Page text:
Accomplices. The photographer and the artist around 1970
The nine stories told by this exhibition each concern the meeting of a photographer and an artist.
Their collaboration was sometimes one-off, sometimes it would last for years, but it always resulted in common fruit: a work of art, a process, a shared world. We are interested in the working experience of these “accomplices”, and how their collaboration shaped the work that was being created.
The stories take place ‘around 1970’ – and nominally from the late 1950s to the end of the century. The year 1970 is a conventional dividing line used to denote a change that art underwent at the time: artists stopped creating traditional objets d’art and switched to process- or event-based projects. Photography played an important role in these experiments as a means of both expression and documentation, and photographers were artist’s inevitable partners. Their role wasn’t limited to just recording, they weren’t only an extension of the documenting camera – very often the process of exchange between the photographer and the artist was highly complex and determined the project’s ultimate shape. Both parties had to ask themselves: How do I learn about my own practice by following another artist’s idea? How are two ideas realised in a single work? What does it mean to work within limits defined by another artist?
Emotions played an important role in the photographer-artist relationships the exhibition deals with; the partners were often friends, sometimes lovers, and in numerous cases their collaboration lasted many years. Important things happened not only in space defined as artistic, but also ‘off screen’, in private space.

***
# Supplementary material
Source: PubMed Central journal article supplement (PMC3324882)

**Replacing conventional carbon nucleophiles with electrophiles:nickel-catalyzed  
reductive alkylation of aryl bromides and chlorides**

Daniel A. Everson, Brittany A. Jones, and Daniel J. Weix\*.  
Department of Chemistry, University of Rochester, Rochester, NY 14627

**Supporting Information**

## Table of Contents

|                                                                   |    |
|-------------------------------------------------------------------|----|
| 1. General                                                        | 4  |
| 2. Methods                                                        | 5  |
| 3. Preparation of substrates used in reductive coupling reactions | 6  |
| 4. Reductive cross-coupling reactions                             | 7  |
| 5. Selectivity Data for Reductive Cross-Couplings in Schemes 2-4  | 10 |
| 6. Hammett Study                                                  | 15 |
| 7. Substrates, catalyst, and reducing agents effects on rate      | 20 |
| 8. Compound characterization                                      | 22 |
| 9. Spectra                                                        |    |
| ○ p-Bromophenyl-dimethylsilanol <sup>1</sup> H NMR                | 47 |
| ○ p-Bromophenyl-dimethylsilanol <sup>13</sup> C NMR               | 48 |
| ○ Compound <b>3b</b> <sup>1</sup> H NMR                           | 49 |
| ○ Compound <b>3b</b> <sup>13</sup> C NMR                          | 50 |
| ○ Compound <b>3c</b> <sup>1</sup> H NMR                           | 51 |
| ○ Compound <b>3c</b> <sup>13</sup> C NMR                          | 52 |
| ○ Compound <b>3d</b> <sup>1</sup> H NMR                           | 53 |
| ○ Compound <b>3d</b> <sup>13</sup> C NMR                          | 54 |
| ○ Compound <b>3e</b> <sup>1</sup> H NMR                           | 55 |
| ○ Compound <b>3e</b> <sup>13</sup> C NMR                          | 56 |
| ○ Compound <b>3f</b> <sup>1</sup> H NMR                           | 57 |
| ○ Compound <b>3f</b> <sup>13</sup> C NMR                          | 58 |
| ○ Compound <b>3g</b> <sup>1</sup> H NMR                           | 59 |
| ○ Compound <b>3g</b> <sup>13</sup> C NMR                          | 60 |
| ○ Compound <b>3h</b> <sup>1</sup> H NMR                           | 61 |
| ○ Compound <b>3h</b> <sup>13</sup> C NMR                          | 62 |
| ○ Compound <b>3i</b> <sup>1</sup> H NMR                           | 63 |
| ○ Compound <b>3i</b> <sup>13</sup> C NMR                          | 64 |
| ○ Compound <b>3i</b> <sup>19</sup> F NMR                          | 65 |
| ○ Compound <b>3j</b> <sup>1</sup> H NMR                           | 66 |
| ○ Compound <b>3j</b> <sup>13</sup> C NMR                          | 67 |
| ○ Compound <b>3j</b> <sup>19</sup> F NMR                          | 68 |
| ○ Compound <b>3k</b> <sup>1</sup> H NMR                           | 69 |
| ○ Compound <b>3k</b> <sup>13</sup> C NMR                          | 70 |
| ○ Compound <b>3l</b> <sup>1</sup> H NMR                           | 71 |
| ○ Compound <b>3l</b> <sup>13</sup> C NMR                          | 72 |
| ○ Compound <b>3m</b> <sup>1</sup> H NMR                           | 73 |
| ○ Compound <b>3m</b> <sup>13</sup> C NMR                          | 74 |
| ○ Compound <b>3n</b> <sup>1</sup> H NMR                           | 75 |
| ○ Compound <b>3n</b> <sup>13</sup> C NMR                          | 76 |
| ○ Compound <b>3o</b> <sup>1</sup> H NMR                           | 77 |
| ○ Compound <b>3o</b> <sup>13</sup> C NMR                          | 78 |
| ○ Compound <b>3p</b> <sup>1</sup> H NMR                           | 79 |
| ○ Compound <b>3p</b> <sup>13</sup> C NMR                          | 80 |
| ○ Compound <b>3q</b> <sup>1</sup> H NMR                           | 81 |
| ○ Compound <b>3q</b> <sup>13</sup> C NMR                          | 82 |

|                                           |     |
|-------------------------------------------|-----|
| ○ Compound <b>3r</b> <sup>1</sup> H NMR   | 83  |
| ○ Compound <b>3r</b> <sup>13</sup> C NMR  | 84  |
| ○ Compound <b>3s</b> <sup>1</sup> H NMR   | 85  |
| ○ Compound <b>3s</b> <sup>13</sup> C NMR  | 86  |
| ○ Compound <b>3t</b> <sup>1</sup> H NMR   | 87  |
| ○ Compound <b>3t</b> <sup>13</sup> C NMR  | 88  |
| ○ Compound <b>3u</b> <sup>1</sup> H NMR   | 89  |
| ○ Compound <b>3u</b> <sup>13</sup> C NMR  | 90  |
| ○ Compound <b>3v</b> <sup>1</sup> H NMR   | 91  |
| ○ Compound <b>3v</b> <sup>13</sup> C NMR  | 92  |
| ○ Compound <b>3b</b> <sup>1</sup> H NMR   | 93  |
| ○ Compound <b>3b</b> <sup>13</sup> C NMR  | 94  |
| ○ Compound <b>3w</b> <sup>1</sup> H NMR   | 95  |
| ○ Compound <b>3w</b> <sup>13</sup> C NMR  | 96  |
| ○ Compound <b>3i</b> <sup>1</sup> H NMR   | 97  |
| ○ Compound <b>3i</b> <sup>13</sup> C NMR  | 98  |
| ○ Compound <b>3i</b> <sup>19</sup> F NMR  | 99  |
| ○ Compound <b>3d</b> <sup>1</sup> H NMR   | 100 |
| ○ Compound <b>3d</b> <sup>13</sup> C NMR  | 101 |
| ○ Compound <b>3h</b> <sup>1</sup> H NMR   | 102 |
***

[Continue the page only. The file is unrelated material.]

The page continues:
The exhibition presents some of the most interesting representatives of experimental art from New York: the legendary artist and director Jack Smith, the collaboration between photographer and director Babette Mangolte with choreographer, performer and artist Yvonne Rainer, the dialogue between photographer and director Hollis Frampton and Carl Andre, the relationship between friends and lovers Paul Thek (artist) and Peter Hujar (photographer), as well as one of the most important Conceptual Art exhibitions in the form of photographic documentation – Projects: Pier 18, in which the work of 27 young artists, today classic figures of the genre, were documented by two photographers, Harry Shunk and János Kender. We are also showing three highly original examples of photographer-artist collaboration from Central Europe: Hungarian artist Tibor Hajas’s photographic sessions with photographer János Vető, the relationship between Tomislav Gotovac and photographer Žarko Vijatović, and the collaboration between Edward Krasiński and Eustachy Kossakowski.
Hollis Frampton - Carl Andre, Peter Hujar - Paul Thek, Eustachy Kossakowski - Edward Krasiński, János Vető - Tibor Hajas, Žarko Vijatović - Tomislav Gotovac, Gwenn Thomas - Joan Jonas, Gwenn Thomas - Jack Smith, Babette Mangolte - Yvonne Rainer, Shunk-Kender - Pier 18.